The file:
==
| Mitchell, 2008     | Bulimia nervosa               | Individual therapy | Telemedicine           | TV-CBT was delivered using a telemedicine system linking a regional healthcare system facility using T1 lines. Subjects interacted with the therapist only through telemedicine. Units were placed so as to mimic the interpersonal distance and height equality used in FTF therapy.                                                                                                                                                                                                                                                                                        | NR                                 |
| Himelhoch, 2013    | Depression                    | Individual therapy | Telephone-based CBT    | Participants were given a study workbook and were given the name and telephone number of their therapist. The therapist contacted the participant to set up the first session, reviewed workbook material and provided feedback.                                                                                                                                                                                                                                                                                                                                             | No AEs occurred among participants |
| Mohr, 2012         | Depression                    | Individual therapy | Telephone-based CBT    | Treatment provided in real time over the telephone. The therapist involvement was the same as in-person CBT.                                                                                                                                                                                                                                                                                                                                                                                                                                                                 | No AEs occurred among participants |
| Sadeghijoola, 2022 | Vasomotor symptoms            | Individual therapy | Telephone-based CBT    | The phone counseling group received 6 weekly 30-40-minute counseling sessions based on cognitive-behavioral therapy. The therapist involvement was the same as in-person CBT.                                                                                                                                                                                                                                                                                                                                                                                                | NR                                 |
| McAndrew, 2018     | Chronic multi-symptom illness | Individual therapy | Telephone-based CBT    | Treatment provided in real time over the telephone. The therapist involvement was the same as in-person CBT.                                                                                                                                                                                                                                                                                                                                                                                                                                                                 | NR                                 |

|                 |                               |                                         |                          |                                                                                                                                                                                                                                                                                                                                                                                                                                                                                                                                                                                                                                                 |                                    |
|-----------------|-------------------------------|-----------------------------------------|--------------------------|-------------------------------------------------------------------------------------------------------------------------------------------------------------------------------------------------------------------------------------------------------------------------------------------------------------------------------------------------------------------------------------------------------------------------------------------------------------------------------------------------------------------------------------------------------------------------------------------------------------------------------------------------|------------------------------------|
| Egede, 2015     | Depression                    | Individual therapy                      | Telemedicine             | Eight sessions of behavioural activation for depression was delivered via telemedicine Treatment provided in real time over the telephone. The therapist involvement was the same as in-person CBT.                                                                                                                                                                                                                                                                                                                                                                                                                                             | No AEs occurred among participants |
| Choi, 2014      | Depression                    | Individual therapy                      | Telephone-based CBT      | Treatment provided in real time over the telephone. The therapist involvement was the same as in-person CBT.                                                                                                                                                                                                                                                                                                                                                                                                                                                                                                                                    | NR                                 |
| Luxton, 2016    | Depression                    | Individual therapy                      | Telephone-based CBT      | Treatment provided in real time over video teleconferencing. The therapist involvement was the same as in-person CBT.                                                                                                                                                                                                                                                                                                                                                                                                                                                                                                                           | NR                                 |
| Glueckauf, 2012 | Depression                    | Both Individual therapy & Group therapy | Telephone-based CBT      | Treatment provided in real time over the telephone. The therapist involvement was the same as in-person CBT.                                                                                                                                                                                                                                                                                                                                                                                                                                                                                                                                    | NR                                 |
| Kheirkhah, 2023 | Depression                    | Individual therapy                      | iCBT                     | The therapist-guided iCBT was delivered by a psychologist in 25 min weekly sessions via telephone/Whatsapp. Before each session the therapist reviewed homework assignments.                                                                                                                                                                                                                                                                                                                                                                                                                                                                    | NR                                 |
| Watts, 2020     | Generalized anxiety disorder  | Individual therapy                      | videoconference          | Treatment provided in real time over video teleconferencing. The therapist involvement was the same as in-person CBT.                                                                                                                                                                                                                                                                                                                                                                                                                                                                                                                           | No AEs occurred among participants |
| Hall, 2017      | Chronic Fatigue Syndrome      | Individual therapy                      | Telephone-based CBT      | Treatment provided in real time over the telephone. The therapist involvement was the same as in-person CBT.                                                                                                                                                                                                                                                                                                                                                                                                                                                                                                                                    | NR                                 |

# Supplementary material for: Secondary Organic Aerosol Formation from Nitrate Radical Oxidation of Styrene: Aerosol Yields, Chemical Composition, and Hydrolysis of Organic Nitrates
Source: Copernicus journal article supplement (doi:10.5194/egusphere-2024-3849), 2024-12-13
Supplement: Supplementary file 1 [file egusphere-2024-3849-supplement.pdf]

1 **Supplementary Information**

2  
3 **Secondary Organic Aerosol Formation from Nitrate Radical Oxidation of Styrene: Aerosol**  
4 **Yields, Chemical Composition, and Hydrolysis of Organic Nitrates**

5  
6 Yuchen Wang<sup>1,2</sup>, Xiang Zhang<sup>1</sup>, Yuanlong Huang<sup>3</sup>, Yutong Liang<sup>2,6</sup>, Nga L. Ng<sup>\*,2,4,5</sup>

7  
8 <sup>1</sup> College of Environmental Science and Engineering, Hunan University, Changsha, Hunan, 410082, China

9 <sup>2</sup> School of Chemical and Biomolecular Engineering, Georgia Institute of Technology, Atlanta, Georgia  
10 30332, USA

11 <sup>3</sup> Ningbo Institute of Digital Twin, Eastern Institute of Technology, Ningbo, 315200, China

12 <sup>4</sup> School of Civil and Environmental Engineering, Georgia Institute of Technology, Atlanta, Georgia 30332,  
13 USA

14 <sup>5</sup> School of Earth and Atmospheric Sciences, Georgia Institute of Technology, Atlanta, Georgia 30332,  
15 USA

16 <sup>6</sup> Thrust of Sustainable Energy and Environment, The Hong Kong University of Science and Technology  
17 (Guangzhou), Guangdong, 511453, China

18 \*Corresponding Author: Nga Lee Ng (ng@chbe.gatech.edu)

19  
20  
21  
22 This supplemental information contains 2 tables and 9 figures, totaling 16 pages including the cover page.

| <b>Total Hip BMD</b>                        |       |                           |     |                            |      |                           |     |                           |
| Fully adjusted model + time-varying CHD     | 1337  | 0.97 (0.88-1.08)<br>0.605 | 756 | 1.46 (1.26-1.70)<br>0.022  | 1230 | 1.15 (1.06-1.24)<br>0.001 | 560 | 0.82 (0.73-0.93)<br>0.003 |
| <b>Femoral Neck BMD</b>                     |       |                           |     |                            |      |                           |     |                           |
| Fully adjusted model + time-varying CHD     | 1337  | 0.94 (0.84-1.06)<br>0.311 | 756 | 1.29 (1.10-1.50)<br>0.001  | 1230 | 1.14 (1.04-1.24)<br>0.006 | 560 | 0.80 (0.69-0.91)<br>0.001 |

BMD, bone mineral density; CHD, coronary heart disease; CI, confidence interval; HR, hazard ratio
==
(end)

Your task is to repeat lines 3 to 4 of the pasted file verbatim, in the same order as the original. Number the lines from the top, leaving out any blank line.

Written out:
| Mohr, 2012         | Depression                    | Individual therapy | Telephone-based CBT    | Treatment provided in real time over the telephone. The therapist involvement was the same as in-person CBT.                                                                                                                                                                                                                                                                                                                                                                                                                                                                 | No AEs occurred among participants |
| Sadeghijoola, 2022 | Vasomotor symptoms            | Individual therapy | Telephone-based CBT    | The phone counseling group received 6 weekly 30-40-minute counseling sessions based on cognitive-behavioral therapy. The therapist involvement was the same as in-person CBT.                                                                                                                                                                                                                                                                                                                                                                                                | NR                                 |